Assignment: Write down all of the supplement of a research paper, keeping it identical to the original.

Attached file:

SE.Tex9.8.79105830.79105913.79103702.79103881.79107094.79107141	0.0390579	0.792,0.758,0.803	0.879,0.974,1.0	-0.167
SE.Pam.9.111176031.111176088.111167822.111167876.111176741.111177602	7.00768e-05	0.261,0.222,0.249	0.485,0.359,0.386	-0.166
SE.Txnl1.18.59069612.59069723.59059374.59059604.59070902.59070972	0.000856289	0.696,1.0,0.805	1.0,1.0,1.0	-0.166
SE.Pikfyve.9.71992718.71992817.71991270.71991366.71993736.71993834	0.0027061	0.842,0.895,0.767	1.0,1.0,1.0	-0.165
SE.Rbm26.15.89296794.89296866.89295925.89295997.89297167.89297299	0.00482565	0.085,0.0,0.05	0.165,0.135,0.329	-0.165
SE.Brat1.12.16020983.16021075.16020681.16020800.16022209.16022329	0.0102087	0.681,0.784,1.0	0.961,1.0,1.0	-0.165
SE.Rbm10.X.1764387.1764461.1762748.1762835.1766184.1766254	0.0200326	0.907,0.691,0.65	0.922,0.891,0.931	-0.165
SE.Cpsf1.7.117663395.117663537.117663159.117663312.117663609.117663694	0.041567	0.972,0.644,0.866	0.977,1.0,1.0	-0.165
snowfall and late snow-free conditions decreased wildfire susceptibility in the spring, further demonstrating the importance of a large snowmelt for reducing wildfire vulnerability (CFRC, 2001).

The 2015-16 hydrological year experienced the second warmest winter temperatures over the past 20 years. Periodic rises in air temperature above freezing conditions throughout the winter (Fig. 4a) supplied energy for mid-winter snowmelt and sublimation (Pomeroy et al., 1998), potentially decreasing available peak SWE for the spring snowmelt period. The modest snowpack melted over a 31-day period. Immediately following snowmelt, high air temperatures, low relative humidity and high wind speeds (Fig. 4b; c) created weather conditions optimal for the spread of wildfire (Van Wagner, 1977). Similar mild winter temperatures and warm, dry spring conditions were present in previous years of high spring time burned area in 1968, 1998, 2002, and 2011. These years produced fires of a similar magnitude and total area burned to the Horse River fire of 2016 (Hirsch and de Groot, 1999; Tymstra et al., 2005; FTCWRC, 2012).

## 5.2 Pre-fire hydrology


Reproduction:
SE.Tex9.8.79105830.79105913.79103702.79103881.79107094.79107141	0.0390579	0.792,0.758,0.803	0.879,0.974,1.0	-0.167
SE.Pam.9.111176031.111176088.111167822.111167876.111176741.111177602	7.00768e-05	0.261,0.222,0.249	0.485,0.359,0.386	-0.166
SE.Txnl1.18.59069612.59069723.59059374.59059604.59070902.59070972	0.000856289	0.696,1.0,0.805	1.0,1.0,1.0	-0.166
SE.Pikfyve.9.71992718.71992817.71991270.71991366.71993736.71993834	0.0027061	0.842,0.895,0.767	1.0,1.0,1.0	-0.165
SE.Rbm26.15.89296794.89296866.89295925.89295997.89297167.89297299	0.00482565	0.085,0.0,0.05	0.165,0.135,0.329	-0.165
SE.Brat1.12.16020983.16021075.16020681.16020800.16022209.16022329	0.0102087	0.681,0.784,1.0	0.961,1.0,1.0	-0.165
SE.Rbm10.X.1764387.1764461.1762748.1762835.1766184.1766254	0.0200326	0.907,0.691,0.65	0.922,0.891,0.931	-0.165
SE.Cpsf1.7.117663395.117663537.117663159.117663312.117663609.117663694	0.041567	0.972,0.644,0.866	0.977,1.0,1.0	-0.165
snowfall and late snow-free conditions decreased wildfire susceptibility in the spring, further demonstrating the importance of a large snowmelt for reducing wildfire vulnerability (CFRC, 2001).

The 2015-16 hydrological year experienced the second warmest winter temperatures over the past 20 years. Periodic rises in air temperature above freezing conditions throughout the winter (Fig. 4a) supplied energy for mid-winter snowmelt and sublimation (Pomeroy et al., 1998), potentially decreasing available peak SWE for the spring snowmelt period. The modest snowpack melted over a 31-day period. Immediately following snowmelt, high air temperatures, low relative humidity and high wind speeds (Fig. 4b; c) created weather conditions optimal for the spread of wildfire (Van Wagner, 1977). Similar mild winter temperatures and warm, dry spring conditions were present in previous years of high spring time burned area in 1968, 1998, 2002, and 2011. These years produced fires of a similar magnitude and total area burned to the Horse River fire of 2016 (Hirsch and de Groot, 1999; Tymstra et al., 2005; FTCWRC, 2012).

## 5.2 Pre-fire hydrology